Valuing Customers

Customer Valuation

Two studies, separated by a decade, examined the topic of company valuation based on customer valuation. While intuitively and logically related, the two approaches to valuation were rarely regarded in conjunction. The first study – an award winning paper – was published in 2004 by Prof. Sunil Gupta of Harvard and Prof. Donald Lehmann of Columbia. The second, published more recently in 2016, was based on work by Prof. Peter Fader and his colleagues at Wharton. Key findings from the two papers suggest:

  • Your business is only as valuable as your customers
  • Customers are important intangible assets whose value should be measured and managed

A summary of the two studies and their key findings follows.

The 2016 Wharton Study:
This research team successfully built a model that allowed them to value businesses using publicly available customer data. Complete with formulas that link the value of a business’s customers to the overall value of the firm, they tested and validated the model with exceptional results.

The Value of the Customer
At its simplest, the model looks at current and future value of individual customers, or groups of customers, and rolls them up to arrive at the value of the firm. Their approach brings together what are traditionally two silos at work – one in the marketing domain and the other in the financial domain. Applying the same rigor of data and analysis that is typical in the financial realm to the marketing domain, imparts a degree of robustness to the model, dispelling perceptions of loose approximations commonly associated with marketing.

The Model & its Validation
The company chosen as the key example for this exercise was Dish Network – a publicly traded firm with a decently long time series of desired customer data. Publicly available customer data such as number of customers, their tenure, retention, and churn rates was used. Where possible, raw data was extracted from available derived measures to maintain integrity of the model.
Among methods used to validate the model, two stand out as remarkable:

  • Forecasts for revenue and profits emerging from the model were even more accurate than those of Wall Street analysts
  • The worth of the firm based on customer valuation model came within 5% of what the company had been trading for at the time of data disclosure

Key Findings:
– For companies – Understanding the financial impact of customer centricity can empower firms to implement strategies based on customer data. It helps make better decisions in every aspect of running the enterprise, to generate even greater value.
– For investors – More accurate forecasts for company performance and the potential to find under or overvalued companies is powerful.
If using published customer information can yield such results, more granular and nuanced customer feedback can only make it better.

The 2004 Harvard Study

Authors of this study focus on two ideas –

  1. The contribution of intangible assets (brand, customers, employees, knowledge) in the financial value of a firm and
  2. Customer Lifetime Value. How valuing customers makes it feasible to value firms, including high growth firms with negative earnings.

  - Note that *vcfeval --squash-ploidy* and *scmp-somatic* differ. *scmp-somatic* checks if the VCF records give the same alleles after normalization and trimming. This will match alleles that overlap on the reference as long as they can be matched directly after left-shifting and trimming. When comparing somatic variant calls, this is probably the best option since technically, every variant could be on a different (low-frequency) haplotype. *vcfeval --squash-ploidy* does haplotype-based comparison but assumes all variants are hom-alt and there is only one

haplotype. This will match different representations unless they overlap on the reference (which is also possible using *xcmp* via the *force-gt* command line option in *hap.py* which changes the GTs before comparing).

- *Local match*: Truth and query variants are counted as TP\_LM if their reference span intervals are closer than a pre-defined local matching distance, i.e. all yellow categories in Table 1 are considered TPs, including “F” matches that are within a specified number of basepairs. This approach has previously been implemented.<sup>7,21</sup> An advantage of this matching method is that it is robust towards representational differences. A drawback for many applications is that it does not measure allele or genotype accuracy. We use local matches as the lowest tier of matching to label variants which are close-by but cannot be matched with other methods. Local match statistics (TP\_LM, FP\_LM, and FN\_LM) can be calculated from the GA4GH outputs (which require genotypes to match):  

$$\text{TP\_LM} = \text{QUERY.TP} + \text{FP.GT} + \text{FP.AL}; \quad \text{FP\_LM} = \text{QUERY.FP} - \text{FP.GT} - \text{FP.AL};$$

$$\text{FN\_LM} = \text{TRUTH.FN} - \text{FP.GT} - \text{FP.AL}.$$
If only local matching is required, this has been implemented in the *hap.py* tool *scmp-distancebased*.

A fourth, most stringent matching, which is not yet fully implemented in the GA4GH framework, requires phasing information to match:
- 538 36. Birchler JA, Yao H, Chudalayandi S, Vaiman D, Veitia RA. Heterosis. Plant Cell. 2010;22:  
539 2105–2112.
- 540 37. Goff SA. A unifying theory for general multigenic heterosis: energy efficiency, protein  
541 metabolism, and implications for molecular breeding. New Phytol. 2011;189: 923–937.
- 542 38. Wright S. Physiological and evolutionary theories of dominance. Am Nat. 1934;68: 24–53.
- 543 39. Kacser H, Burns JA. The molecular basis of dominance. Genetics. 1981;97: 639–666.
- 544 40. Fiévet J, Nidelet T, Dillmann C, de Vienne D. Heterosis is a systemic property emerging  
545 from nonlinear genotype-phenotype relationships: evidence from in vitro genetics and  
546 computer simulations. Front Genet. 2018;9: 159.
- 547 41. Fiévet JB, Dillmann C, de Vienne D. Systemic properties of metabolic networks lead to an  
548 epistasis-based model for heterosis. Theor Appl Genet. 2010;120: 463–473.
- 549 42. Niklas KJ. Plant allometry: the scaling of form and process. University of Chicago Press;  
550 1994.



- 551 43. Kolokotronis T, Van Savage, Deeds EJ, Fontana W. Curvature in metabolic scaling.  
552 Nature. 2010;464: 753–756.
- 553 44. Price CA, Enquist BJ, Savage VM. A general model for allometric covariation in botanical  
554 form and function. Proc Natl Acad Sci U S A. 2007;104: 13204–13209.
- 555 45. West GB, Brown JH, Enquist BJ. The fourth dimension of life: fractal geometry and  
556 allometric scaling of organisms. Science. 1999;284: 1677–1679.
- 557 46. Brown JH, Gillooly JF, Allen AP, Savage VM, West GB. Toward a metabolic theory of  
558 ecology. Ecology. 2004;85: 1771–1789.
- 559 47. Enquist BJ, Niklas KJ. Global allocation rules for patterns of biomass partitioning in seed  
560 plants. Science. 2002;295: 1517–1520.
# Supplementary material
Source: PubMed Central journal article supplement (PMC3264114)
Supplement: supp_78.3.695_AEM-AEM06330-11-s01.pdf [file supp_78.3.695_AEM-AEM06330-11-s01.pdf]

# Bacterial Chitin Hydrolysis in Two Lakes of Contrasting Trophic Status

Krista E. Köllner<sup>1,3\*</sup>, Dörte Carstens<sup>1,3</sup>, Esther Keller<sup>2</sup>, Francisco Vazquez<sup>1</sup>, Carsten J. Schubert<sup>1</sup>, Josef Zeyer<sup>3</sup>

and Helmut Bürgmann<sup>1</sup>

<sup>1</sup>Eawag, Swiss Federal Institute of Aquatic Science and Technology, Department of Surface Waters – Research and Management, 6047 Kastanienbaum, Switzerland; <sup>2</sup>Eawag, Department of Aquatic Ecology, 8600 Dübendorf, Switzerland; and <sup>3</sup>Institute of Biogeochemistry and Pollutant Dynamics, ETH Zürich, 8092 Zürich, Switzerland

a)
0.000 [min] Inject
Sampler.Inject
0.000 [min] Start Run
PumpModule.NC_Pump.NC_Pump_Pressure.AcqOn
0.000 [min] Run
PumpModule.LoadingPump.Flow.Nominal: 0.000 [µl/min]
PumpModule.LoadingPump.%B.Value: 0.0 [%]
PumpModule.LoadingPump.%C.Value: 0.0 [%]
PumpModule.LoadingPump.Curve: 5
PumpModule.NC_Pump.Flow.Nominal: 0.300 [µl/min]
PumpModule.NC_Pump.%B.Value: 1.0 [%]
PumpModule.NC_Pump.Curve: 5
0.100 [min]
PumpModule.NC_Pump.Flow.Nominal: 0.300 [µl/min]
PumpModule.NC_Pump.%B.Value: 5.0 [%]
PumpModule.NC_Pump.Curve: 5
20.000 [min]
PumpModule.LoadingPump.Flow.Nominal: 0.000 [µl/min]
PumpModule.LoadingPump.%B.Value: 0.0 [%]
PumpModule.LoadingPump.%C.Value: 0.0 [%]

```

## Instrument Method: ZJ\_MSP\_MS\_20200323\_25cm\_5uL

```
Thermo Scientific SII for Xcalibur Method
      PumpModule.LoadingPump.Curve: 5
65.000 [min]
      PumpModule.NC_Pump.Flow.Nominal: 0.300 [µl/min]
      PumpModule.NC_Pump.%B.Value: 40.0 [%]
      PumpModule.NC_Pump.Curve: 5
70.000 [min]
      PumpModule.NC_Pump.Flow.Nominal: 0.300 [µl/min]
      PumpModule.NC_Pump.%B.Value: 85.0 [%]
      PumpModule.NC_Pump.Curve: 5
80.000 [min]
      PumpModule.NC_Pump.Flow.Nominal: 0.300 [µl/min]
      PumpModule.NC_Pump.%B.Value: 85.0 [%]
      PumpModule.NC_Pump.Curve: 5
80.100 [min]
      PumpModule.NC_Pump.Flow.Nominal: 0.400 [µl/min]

They connect the key focus of marketing effort – the customer – with the key measure of financial success of a firm – its market value. The value of a customer to a firm is defined as the expected sum of discounted future earnings based on key assumptions concerning retention rate and profit margin. The value of all customers is determined by the acquisition rate and the cost of acquiring new customers.

Choice of firms
Five firms were selected to demonstrate the author’s valuation methods – one an old economy, traditional financial institution, and four “new economy” internet firms where traditional financial models have difficulty. Using customer data from these firms in an empirical application, they generated interesting results.

Key Findings

  • Estimates of customer value arrived at in this way were very close to current market valuation for three of the five firms, confirming customer based metrics are value relevant. Traditional methods have trouble valuing many of these firms with negative earnings.
  • Retention has a very large impact on customer value. Retention elasticity was found to be in the region on 3-7% (i.e. a 1% improvement in retention increases customer value by 3-7%). In contrast, margin elasticity is 1 and acquisition cost elasticity in 0.02-0.3.
  • Retention rate has a significantly larger impact on customer and firm value than the discount rate or cost of capital. Suggesting the financial analysts focus on managing discount rates needs to shift to a focus on a firms customer retention rate.
  • Cutting acquisition cost may not be the best way to improve value.

While the two studies address the topic of Customer Valuation from slightly different perspectives, both are unequivocal on two counts:

  • A significant part of the value of a firm resides in and is tied to its customer base.
  • Customer data is powerful – not only in determining value but also in finding paths to enhancing that value.

Customer Value and Loyalty
The LRC is a strong advocate of measuring customer value. We have found that the three loyalty segments – Loyal, Neutral, and Vulnerable – provide strong discrimination in the customer value and consequently, firm value. The table below illustrates some of our findings:

Valuation of Customer Base by Loyalty Segment

customer valuation table

Posted in Insights, LRC Blog.

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